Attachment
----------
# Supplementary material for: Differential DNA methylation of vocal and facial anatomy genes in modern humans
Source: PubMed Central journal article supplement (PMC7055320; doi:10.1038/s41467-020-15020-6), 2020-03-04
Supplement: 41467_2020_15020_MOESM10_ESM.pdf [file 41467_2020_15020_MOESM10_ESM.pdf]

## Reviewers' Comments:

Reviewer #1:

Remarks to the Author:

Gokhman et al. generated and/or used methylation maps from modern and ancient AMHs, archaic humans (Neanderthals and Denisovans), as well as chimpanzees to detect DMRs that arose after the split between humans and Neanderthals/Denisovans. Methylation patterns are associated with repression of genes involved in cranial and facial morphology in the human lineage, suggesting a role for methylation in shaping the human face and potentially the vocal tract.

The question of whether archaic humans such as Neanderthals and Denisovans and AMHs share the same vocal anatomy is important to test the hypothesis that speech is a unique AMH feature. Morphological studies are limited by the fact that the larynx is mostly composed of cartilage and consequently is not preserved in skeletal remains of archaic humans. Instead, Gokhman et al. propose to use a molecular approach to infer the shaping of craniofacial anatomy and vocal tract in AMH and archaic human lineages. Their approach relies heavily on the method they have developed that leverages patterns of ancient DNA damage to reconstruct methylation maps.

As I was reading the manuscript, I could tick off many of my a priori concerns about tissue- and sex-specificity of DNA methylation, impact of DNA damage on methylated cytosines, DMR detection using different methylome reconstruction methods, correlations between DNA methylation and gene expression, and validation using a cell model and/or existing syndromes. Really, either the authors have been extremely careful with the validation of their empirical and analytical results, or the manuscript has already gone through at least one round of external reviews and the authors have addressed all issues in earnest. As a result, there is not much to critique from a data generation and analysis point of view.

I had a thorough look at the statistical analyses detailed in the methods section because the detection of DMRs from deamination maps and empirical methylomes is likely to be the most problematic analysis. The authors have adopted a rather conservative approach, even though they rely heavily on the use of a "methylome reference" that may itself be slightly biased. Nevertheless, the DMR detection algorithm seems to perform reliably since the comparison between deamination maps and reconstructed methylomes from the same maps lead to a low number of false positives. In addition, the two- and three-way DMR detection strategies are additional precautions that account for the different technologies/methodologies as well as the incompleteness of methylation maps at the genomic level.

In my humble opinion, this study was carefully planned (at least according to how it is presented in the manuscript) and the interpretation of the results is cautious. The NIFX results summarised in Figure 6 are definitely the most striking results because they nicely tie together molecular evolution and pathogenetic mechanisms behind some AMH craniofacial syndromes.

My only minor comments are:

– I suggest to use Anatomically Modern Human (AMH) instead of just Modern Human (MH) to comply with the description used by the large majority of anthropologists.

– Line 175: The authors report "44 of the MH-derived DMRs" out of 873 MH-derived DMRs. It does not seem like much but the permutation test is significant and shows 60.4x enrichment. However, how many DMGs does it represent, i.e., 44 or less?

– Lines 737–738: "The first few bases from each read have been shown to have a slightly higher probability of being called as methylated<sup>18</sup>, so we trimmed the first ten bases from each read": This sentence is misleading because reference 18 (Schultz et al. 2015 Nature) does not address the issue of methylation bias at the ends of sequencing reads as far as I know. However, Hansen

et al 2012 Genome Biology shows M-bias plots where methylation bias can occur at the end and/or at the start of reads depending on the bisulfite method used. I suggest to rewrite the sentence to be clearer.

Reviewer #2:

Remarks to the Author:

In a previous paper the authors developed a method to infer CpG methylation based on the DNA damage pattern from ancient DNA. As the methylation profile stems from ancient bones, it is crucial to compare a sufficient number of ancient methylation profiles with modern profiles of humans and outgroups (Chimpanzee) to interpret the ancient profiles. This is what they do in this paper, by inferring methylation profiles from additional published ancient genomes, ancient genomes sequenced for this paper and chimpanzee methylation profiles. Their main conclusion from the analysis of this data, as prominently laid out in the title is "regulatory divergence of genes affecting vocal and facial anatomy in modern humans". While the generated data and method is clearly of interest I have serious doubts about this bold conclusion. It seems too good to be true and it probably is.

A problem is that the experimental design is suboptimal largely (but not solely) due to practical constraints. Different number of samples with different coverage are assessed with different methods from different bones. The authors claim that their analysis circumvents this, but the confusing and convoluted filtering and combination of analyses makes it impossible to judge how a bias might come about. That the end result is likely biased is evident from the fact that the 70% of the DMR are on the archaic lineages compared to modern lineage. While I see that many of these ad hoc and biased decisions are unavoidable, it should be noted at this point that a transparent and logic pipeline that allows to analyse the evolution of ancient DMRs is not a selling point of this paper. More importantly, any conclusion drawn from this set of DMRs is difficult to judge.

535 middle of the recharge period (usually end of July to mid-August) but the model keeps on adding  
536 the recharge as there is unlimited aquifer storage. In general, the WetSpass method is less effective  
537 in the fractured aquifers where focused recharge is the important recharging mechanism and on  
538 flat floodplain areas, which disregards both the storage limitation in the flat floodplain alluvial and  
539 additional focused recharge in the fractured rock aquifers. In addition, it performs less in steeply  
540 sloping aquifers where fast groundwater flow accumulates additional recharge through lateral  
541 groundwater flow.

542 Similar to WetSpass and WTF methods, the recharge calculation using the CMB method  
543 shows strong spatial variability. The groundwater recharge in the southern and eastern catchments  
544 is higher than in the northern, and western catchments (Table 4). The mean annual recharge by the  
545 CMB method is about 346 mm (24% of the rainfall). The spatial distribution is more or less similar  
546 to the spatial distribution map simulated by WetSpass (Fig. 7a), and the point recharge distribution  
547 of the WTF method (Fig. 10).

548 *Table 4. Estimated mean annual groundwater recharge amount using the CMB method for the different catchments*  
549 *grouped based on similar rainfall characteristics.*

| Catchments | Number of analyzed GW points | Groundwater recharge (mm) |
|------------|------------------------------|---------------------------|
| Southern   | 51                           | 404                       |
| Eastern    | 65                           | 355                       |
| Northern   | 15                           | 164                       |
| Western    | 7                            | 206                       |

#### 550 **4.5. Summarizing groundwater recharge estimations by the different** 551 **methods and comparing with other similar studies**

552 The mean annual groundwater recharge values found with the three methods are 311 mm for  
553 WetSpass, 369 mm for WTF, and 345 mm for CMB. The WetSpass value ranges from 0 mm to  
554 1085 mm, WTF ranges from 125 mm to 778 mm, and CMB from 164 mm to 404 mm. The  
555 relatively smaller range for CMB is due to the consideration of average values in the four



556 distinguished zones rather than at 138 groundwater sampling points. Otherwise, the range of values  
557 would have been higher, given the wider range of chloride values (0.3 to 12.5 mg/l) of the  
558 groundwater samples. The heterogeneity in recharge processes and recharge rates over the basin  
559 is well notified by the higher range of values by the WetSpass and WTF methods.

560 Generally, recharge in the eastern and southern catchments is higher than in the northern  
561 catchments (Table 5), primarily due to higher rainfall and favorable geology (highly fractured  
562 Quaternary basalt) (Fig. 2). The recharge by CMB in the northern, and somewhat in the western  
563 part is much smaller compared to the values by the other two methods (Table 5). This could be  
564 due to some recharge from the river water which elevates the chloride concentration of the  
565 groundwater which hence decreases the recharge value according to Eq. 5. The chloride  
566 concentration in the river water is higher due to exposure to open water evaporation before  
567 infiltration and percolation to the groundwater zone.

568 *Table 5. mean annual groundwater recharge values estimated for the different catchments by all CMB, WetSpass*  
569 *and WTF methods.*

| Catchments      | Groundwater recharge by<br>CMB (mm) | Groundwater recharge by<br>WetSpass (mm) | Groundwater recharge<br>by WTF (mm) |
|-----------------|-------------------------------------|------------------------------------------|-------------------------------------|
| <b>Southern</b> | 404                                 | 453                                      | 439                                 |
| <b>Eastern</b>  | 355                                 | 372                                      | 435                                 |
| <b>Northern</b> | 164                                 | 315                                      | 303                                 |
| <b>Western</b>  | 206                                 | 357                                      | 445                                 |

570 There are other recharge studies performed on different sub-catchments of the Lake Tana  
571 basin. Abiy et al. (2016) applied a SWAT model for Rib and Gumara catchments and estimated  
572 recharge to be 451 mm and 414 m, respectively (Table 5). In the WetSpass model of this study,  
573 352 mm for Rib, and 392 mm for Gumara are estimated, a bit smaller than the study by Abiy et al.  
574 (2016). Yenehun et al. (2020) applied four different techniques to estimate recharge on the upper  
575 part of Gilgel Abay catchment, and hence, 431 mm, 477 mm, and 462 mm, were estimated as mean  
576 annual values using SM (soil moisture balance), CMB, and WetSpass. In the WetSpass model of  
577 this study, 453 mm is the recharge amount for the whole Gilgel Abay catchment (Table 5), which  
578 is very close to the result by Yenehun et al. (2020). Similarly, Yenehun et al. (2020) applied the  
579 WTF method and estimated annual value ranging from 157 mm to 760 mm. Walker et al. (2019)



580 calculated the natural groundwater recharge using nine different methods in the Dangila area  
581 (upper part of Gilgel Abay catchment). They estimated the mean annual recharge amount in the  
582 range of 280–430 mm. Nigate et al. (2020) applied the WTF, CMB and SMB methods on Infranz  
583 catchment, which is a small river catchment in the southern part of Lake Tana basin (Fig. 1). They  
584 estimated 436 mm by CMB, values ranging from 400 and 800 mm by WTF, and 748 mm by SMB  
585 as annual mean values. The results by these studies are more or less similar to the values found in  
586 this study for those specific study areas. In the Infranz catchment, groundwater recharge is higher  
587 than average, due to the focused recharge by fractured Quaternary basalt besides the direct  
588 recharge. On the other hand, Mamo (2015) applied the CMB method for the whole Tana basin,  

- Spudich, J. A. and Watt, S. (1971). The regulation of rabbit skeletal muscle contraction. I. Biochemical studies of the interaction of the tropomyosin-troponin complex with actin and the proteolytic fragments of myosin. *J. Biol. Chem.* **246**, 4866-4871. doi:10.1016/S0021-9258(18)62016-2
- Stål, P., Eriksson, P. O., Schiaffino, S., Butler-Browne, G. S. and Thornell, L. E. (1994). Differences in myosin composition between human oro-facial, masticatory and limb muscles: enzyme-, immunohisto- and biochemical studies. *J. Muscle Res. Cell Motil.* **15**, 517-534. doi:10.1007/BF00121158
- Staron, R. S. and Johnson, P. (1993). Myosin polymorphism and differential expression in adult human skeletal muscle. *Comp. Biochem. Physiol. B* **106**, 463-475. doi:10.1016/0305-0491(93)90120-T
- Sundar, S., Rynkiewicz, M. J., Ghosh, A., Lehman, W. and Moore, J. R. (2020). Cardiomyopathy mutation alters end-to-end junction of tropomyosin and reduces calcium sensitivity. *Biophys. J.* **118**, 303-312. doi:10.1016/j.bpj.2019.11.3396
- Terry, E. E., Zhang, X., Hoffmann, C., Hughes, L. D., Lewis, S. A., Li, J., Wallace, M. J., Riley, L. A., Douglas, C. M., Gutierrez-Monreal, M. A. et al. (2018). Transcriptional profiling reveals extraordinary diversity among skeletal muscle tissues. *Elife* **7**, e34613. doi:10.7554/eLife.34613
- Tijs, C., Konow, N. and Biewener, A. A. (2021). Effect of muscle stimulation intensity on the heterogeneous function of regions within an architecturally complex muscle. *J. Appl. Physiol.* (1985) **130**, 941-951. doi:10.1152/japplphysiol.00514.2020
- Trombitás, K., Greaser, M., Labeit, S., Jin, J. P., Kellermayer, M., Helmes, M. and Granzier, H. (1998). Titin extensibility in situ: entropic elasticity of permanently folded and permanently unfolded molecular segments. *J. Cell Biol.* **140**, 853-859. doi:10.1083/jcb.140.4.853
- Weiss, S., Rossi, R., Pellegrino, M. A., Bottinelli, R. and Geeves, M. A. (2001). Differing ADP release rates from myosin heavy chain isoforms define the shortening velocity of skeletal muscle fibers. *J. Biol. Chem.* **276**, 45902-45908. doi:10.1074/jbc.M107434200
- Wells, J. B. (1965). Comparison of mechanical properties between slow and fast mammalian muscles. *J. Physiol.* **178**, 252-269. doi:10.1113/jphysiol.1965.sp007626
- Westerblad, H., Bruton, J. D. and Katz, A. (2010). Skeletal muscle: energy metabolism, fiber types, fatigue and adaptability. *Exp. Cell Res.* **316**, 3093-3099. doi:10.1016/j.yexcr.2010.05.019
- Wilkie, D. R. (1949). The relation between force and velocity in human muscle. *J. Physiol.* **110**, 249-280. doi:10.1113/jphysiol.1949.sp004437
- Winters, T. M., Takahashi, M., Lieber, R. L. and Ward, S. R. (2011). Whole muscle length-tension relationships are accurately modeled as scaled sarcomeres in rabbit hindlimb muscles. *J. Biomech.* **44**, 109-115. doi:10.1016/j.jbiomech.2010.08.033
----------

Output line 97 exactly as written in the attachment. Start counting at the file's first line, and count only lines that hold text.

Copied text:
- Winters, T. M., Takahashi, M., Lieber, R. L. and Ward, S. R. (2011). Whole muscle length-tension relationships are accurately modeled as scaled sarcomeres in rabbit hindlimb muscles. *J. Biomech.* **44**, 109-115. doi:10.1016/j.jbiomech.2010.08.033